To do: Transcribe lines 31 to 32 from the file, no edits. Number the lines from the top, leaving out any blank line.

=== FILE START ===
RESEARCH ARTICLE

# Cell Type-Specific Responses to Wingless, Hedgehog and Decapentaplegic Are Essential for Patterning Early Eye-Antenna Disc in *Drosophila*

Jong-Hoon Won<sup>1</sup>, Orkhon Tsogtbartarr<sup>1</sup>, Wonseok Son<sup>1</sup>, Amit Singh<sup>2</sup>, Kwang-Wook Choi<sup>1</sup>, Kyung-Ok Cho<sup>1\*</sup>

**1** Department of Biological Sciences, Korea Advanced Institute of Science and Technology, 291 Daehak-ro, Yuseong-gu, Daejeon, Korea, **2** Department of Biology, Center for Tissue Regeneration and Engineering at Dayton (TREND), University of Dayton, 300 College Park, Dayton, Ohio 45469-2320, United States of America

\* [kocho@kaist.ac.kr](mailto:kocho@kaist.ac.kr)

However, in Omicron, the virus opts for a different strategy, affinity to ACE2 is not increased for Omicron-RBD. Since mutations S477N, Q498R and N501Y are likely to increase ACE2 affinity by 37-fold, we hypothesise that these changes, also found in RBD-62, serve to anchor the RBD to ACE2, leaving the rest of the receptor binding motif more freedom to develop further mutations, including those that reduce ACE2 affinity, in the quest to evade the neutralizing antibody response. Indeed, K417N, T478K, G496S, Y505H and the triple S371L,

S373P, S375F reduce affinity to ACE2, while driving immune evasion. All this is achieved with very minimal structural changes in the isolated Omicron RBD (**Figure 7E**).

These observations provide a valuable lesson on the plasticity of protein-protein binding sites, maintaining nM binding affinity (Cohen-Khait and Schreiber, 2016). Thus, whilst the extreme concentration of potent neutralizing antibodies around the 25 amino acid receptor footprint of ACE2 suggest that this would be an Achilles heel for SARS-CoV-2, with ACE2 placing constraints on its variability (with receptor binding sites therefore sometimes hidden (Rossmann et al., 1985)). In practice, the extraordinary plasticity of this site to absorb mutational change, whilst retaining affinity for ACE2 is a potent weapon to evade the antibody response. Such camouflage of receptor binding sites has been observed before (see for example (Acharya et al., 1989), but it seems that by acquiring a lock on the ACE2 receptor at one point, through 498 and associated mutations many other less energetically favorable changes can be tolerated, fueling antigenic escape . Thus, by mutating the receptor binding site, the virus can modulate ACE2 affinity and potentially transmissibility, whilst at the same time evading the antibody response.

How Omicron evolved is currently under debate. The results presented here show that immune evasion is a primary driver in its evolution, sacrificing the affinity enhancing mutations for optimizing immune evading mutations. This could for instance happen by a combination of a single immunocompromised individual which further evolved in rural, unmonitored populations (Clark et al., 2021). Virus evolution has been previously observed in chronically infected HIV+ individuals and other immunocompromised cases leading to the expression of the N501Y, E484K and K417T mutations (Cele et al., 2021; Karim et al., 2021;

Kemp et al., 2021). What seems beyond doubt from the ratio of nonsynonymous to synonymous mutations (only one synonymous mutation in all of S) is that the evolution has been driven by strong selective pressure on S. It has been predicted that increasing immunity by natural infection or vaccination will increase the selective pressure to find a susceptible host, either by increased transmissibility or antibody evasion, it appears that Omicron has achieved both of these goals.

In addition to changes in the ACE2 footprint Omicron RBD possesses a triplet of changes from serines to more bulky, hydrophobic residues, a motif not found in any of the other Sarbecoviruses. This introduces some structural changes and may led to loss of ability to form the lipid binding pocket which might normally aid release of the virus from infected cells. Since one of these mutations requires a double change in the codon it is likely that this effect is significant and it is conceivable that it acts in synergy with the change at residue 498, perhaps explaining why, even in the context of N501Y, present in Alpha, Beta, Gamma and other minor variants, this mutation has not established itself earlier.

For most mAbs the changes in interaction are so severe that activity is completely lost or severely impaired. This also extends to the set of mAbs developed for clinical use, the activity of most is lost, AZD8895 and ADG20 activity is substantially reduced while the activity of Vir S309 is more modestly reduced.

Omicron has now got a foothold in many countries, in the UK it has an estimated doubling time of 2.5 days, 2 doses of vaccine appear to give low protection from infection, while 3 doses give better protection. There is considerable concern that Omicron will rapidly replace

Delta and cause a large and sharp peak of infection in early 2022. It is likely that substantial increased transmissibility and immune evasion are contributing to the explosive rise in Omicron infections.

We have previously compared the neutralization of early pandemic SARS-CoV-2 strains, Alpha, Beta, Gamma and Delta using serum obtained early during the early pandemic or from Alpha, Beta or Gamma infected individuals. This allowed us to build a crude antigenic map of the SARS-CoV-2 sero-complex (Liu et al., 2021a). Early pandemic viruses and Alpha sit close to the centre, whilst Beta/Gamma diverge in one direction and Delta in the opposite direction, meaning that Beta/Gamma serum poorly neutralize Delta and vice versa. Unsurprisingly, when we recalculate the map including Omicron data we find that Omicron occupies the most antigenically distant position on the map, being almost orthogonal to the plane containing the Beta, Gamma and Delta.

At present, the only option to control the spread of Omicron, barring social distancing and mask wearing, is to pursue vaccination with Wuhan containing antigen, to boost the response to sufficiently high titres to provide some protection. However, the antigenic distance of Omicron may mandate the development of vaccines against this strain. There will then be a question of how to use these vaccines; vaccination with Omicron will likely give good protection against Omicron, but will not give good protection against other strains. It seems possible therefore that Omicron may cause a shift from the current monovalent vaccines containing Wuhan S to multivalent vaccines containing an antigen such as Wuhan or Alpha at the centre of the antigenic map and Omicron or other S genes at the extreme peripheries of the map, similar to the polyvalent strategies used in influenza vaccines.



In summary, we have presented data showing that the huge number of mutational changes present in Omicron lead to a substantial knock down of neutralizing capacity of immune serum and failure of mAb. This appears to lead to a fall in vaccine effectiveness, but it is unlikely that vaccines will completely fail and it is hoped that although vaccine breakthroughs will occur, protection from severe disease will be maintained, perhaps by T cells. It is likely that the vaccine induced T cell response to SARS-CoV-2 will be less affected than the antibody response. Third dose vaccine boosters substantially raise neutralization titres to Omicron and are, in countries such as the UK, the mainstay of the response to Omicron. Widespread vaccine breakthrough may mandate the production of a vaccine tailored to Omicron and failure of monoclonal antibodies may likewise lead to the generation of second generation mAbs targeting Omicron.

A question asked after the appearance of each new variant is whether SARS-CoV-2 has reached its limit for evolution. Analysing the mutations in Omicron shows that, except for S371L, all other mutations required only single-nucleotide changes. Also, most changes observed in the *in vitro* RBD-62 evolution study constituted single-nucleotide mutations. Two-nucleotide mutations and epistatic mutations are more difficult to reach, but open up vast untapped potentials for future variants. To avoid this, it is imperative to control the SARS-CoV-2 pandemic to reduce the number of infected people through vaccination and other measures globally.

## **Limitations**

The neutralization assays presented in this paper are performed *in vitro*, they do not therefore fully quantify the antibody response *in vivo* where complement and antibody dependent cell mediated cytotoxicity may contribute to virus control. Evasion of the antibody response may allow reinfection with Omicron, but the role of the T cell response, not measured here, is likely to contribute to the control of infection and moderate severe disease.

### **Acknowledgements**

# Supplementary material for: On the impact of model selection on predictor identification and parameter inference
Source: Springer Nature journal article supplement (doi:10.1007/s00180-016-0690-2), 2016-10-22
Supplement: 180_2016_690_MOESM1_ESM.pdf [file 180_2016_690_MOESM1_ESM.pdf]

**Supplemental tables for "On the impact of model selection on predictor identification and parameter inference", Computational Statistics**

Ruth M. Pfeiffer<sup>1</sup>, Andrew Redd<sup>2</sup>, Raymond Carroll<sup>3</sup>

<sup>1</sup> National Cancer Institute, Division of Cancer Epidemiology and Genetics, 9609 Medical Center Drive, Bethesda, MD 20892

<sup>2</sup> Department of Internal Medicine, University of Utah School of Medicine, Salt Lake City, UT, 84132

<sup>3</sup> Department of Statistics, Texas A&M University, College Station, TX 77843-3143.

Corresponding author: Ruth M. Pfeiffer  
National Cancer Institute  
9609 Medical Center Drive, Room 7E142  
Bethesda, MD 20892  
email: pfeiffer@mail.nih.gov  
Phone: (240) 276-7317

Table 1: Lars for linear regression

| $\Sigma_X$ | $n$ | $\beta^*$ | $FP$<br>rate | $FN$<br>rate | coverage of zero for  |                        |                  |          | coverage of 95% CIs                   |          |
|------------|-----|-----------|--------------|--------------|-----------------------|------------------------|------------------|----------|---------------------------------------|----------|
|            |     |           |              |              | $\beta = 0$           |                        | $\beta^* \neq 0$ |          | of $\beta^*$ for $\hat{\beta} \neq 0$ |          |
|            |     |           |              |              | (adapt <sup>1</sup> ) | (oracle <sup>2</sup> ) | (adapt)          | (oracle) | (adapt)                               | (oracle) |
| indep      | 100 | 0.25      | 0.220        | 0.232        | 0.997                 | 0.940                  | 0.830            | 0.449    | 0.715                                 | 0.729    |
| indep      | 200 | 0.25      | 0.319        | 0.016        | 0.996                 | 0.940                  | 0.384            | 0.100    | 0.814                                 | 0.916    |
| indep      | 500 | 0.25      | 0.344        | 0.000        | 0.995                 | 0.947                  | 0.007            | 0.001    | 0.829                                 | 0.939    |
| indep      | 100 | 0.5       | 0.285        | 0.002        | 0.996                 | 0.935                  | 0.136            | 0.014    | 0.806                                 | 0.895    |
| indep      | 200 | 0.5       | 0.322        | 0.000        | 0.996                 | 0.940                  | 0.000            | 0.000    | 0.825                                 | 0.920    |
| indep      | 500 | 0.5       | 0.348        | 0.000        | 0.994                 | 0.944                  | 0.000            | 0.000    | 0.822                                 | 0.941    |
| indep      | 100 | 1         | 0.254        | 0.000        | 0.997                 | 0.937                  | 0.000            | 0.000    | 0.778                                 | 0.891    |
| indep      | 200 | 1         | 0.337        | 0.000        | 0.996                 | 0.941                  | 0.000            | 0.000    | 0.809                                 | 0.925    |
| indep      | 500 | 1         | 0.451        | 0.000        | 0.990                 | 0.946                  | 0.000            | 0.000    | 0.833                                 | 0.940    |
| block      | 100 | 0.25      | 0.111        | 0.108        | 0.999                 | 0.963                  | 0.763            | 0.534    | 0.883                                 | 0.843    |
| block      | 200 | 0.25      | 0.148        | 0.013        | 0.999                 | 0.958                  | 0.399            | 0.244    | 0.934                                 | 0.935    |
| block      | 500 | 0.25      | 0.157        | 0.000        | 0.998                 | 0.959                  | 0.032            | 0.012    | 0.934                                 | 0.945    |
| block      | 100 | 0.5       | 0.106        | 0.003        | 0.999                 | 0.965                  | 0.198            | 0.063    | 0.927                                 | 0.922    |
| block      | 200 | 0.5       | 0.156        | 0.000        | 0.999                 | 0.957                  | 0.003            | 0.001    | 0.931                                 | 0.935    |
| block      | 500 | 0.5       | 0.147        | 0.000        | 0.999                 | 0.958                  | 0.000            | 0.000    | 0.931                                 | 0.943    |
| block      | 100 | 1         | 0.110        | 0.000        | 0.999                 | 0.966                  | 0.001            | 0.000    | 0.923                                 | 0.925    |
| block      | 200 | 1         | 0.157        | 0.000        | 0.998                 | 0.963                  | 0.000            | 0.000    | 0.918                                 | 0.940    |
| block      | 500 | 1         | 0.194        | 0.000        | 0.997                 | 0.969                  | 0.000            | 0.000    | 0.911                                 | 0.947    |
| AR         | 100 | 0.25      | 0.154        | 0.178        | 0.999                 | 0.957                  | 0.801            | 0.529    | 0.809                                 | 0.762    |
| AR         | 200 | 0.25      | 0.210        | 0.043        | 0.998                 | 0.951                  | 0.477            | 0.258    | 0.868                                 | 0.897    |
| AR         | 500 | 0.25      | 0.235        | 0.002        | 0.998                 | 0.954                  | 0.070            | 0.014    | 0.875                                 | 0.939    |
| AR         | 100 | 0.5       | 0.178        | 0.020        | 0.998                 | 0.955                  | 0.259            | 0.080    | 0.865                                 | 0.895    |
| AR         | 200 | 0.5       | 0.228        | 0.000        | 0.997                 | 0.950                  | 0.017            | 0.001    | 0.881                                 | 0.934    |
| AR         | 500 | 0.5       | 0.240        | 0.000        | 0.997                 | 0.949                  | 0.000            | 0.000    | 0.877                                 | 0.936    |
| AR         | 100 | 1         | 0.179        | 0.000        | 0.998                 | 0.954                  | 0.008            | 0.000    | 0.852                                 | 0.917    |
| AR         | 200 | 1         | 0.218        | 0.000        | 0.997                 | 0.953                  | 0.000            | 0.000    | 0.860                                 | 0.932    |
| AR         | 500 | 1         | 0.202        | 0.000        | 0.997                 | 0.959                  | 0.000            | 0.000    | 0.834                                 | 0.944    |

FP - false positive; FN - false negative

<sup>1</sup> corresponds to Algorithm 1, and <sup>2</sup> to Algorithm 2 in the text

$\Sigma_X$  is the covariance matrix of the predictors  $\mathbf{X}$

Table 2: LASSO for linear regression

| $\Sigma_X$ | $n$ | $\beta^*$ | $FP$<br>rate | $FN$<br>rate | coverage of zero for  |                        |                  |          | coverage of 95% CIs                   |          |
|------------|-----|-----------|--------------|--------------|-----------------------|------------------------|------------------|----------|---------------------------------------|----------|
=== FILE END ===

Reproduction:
National Cancer Institute  
9609 Medical Center Drive, Room 7E142  